QM: How well do current AM parts stand up to traditional fatigue testing methods?

Daniewicz: As a rule, the additive parts are weaker. The additive part is a bunch of layers, and each of those layers is a tiny little weld, and it takes hundreds or thousands of layers over and over and over again to make a part. And so if you were to lay all those little welds end-to-end, you’ve got miles of weld in every part that’s made. So what you basically have is a very high probability of some defects. Therefore you’re going to have worse fatigue strength. There are too many opportunities to leave defects in the part because there are so many layers being put down to make that part.

Will different fatigue testing methods be needed for AM metal parts?

Tartaglia: No, the same methods will be used, in general. But how to specify parts is going to be an important thing, as you can see from the Symposium, how to set process and design parameters on fatigue and fracture behavior. So they’re especially interested in how you improve the fatigue performance of these materials which everybody knows are going to have some problems.

QM:  Now, high-speed, low-cost nondestructive evaluation techniques for additive manufacturing, why is that important?

Tartaglia: Well, the whole idea with additive manufacturing is you don’t do a lot of development. You’ve got a computer, and you’ve got a printer, and you want to be able to say, “OK, print this part, just make it.” And you don’t want to spend a lot of money on development, but you do want to have something just as a quick and high-speed, low-cost. Meaning, give me an X-ray of this thing that’s going to say that it’s going to last through the product life cycle. And people are going to be looking specifically at how you specify standards for additive manufactured parts. Because this has opened up the world, you don’t have to have a large investment in technology other than having the computer and the printer. John Smith in his garage somewhere could potentially have the ability to produce these parts. And using standards means that when the part goes into critical components like aerospace or cars, it’s going to last.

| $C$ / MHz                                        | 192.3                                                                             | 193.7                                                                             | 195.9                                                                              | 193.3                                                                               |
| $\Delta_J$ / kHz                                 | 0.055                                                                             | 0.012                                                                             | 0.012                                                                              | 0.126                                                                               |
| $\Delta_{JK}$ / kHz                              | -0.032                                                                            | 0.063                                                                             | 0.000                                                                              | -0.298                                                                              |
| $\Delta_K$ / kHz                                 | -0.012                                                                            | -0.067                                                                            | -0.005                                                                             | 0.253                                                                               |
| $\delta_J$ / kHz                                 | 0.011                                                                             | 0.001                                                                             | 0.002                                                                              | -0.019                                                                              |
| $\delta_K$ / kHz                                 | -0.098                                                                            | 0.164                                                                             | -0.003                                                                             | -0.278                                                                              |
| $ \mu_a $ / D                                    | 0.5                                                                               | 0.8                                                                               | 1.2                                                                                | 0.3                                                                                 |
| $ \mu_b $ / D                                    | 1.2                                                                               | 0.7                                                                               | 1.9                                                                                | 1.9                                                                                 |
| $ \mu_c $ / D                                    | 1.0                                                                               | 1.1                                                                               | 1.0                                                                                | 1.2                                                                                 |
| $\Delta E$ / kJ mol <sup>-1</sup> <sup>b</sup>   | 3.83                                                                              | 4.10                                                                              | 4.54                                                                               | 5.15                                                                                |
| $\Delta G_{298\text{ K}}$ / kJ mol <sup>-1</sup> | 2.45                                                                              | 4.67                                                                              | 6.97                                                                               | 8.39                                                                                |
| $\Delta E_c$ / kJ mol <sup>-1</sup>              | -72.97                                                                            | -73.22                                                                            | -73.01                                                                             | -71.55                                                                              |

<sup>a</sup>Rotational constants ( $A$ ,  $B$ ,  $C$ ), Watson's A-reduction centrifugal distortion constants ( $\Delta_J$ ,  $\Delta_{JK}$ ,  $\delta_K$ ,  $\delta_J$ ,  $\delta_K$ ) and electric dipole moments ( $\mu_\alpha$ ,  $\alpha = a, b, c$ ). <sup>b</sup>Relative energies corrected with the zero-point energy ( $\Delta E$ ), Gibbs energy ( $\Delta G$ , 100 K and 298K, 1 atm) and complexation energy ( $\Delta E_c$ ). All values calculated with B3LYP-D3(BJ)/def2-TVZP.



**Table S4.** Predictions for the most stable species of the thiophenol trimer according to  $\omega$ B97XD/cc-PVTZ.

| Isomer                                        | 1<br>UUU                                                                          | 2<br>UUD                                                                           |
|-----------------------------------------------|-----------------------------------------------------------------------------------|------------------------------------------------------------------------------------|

QM: What's your answer for fast and cheap testing for these parts?

Tartaglia: Well, it’s going to have to be something that’s visual. That’s another problem, X-ray radiography machines are expensive, but they they’re high speed. Having an X-ray machine that is relatively low-cost and able to produce an X-ray that gives a reasonable facsimile of what the porosity content of the part is, that’s going to be critical. And having standards for those X-rays, to say, “OK, this passes and this fails,” that’s going to be important. And those have not been developed yet.

CT scanning is also important. It’s fairly high-speed, but it’s not low cost. X-ray radiography is high-speed and it is lower cost, though it’s still in the tens of thousands of dollars. It can see certain types of pores. Low-quality additively manufactured parts can have pores that standard X-ray radiography will be able to detect, but pores that cause fatigue cracks can be much smaller than what X-ray radiography can find. So developing those techniques is going to be important.

QM: If the industry takes its time, do AM metal parts have the potential that people often describe?

Daniewicz: Yes, absolutely, huge potential. You can just print things that you can’t potentially make any other way, the complex geometries that can’t be made with conventional machining operations. So there’s a huge potential if you’ve got all that flexibility and can make complicated things that you can’t normally make. And so you free the engineer to think outside the box, and all of that has been great stuff. We just have to make sure we have more than just a part that’s complicatedly shaped and looks good. It's got to have the structural integrity inside as well.